19 December 2008 at 11:58 am

Posted in Daily life, Science

“I’m Walking Backwards for Christmas”

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Thanks to The Son for pointing out this post. It’s really not Christmas until you hear Spike Milligan singing that traditional holiday favorite, “I’m Walking Backwards for Christmas.”

Written by LeisureGuy

19 December 2008 at 11:45 am

Posted in Daily life

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When sentinels are ignored

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The Eldest sent me this interesting story:

His repeated warnings that Wall Street money manager Bernard Madoff was running a giant Ponzi scheme have cast Harry Markopolos as an unheeded prophet.

But people who know or worked with Markopolos say it wasn’t prescience that helped him foresee the collapse of Madoff’s alleged $50 billion fraud. Instead, they say diligence and a strong moral sense drove his quixotic, nine-year quest to alert regulators about Madoff.

“He followed through on everything he ever did. He never let up,” said his mother, Georgia Markopolos, in an interview Thursday. “Some kids just let it go if it’s too hard, but he wouldn’t do that.”

“He feels very sorry for these people that got taken,” she added. “It wouldn’t have happened if they would have listened to him long ago.”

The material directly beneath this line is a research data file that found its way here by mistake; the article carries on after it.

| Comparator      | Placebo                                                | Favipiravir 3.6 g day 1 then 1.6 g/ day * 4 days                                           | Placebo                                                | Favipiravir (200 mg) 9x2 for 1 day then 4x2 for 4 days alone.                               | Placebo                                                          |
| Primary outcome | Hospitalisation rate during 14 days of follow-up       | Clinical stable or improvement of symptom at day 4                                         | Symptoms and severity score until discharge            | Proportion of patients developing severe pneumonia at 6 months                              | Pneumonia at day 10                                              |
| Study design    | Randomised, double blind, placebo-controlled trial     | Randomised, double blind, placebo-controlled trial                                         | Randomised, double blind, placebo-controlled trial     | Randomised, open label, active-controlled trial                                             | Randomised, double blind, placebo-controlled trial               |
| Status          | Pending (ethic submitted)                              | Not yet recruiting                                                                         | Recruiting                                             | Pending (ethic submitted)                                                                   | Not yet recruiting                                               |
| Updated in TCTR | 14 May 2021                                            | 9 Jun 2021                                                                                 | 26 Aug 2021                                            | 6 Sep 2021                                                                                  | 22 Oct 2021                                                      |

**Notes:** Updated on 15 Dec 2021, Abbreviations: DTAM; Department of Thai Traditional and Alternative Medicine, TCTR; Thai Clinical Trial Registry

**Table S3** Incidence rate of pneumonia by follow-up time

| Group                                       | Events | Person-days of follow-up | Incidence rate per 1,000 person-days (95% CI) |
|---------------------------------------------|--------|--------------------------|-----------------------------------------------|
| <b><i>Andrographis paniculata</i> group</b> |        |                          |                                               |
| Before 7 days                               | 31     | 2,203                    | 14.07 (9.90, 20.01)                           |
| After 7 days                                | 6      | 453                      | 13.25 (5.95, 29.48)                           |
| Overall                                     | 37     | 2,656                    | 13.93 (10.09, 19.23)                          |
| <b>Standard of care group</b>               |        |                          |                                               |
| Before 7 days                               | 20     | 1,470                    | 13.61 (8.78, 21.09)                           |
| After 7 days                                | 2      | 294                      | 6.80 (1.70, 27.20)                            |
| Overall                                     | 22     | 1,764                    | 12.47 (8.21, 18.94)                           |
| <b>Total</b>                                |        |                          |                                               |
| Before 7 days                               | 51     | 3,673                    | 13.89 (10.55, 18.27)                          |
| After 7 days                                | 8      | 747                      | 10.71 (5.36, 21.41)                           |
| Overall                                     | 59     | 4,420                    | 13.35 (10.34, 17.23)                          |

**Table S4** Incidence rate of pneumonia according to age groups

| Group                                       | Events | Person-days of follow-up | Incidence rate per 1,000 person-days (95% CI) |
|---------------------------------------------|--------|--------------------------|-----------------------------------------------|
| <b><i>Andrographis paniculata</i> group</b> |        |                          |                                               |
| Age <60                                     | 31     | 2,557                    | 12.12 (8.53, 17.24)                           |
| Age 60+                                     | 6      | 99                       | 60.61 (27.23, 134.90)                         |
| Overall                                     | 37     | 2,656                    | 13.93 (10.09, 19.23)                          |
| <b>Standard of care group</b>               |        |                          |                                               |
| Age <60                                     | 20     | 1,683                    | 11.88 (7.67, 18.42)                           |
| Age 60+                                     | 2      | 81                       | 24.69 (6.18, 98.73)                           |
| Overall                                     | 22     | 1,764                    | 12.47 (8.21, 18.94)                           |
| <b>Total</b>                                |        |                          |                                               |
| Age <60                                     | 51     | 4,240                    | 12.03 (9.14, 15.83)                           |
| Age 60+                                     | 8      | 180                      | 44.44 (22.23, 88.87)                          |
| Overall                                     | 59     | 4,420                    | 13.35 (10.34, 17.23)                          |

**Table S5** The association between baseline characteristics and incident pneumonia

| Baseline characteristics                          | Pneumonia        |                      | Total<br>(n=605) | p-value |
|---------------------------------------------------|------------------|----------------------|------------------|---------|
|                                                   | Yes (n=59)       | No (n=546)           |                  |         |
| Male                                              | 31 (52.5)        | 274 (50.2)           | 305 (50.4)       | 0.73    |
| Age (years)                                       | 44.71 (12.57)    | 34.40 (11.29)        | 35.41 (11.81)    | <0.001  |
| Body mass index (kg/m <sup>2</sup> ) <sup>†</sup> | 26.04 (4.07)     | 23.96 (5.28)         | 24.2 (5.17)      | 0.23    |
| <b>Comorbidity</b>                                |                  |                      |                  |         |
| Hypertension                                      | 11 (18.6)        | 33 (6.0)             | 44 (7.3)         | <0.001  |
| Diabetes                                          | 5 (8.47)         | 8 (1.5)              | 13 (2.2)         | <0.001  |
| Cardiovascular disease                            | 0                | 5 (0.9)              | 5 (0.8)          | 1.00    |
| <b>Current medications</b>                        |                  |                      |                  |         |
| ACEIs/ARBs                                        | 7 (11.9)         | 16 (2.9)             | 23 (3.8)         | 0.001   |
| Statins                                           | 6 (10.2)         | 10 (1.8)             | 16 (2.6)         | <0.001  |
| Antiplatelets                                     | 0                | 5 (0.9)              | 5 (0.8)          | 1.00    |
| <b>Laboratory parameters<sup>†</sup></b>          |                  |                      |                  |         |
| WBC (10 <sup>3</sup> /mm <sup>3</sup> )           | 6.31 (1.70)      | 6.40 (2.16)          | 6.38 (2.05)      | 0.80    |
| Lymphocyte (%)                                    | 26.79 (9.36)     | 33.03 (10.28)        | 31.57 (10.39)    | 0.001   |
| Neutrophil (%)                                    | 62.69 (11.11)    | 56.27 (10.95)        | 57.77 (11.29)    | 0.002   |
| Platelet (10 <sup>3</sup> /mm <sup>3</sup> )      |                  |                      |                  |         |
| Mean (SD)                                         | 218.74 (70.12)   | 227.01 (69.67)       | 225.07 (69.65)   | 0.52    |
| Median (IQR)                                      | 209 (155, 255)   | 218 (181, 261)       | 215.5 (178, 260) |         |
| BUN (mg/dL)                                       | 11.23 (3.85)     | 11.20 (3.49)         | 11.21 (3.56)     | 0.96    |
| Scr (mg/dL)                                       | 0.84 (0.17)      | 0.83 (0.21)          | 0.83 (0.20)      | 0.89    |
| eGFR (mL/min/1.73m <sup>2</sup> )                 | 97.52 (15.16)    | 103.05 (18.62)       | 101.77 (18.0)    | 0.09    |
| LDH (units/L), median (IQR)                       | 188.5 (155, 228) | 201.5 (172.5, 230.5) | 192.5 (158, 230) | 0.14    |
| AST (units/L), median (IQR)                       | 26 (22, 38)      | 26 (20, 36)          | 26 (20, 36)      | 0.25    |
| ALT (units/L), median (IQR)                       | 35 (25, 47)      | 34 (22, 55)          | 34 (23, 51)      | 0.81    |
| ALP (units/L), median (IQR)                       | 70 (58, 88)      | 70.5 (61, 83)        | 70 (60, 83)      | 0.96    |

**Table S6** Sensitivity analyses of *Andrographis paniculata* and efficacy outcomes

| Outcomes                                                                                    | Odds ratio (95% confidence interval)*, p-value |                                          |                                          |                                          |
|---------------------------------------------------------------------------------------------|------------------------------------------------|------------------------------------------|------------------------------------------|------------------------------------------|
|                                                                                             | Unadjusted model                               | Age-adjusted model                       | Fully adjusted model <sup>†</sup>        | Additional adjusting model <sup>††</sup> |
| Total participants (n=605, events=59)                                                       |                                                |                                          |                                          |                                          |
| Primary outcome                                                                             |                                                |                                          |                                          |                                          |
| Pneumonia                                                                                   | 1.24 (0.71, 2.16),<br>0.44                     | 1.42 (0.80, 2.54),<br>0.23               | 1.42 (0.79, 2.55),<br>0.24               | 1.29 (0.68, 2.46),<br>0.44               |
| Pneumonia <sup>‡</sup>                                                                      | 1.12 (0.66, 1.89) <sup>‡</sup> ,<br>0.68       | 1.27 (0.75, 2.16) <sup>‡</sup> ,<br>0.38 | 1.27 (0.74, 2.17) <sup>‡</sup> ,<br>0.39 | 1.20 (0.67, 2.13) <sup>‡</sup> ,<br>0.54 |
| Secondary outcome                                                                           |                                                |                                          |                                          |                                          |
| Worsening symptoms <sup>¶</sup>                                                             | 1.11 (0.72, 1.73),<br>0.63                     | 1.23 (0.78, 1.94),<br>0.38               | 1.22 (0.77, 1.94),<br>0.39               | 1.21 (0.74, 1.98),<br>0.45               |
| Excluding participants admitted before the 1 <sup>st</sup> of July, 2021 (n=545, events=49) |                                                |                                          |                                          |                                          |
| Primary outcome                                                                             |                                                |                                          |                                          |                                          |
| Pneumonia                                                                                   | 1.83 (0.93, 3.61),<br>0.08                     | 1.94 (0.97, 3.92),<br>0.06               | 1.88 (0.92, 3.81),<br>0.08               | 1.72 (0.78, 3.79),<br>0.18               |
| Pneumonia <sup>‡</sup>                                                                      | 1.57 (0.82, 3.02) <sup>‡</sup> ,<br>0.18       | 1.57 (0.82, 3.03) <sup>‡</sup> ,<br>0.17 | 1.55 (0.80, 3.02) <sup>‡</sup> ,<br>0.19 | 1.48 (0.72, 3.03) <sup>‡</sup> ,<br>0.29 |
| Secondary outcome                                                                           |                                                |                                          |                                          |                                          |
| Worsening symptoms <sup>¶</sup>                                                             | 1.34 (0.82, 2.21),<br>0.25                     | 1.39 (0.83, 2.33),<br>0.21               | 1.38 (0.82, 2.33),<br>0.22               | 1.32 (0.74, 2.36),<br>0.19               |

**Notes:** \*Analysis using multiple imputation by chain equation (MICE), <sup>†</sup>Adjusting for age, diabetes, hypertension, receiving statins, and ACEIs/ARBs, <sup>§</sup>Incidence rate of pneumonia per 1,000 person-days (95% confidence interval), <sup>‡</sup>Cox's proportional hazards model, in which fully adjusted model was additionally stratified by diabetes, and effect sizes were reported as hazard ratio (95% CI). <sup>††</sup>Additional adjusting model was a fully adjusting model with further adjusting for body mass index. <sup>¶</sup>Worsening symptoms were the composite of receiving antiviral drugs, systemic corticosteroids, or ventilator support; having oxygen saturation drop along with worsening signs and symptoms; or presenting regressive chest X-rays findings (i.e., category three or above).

Markopolos waged a remarkable battle to uncover fraud at Madoff’s operation, sounding the alarm back in 1999 and continuing with his warnings all through this decade. The government never acted, Madoff continued his ways, and people lost billions.

Markopolos reached his conclusion with the help of mathematicians like Dan diBartolomeo, whose analysis of the Madoff’s methods in 1999 helped fuel Markopolos’ suspicions. …

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Written by LeisureGuy

19 December 2008 at 11:27 am

Posted in Bush Administration, Business, GOP, Government

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Back from outing

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A trip to get a haircut, 4 rolls of quarters (laundry), and peppers to make the pepper sauce today. But first a little more blogging.

Written by LeisureGuy

19 December 2008 at 11:20 am

Posted in Daily life

Mike “Mad Dog” Bell dies

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Story here. He was one of the subjects of his brother’s documentary on steroid use:

Written by LeisureGuy

19 December 2008 at 9:27 am

Posted in Daily life, Movies & TV

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The Ponzi scammers of Wall Street

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Paul Krugman has another excellent column today, in which this paragraph appears: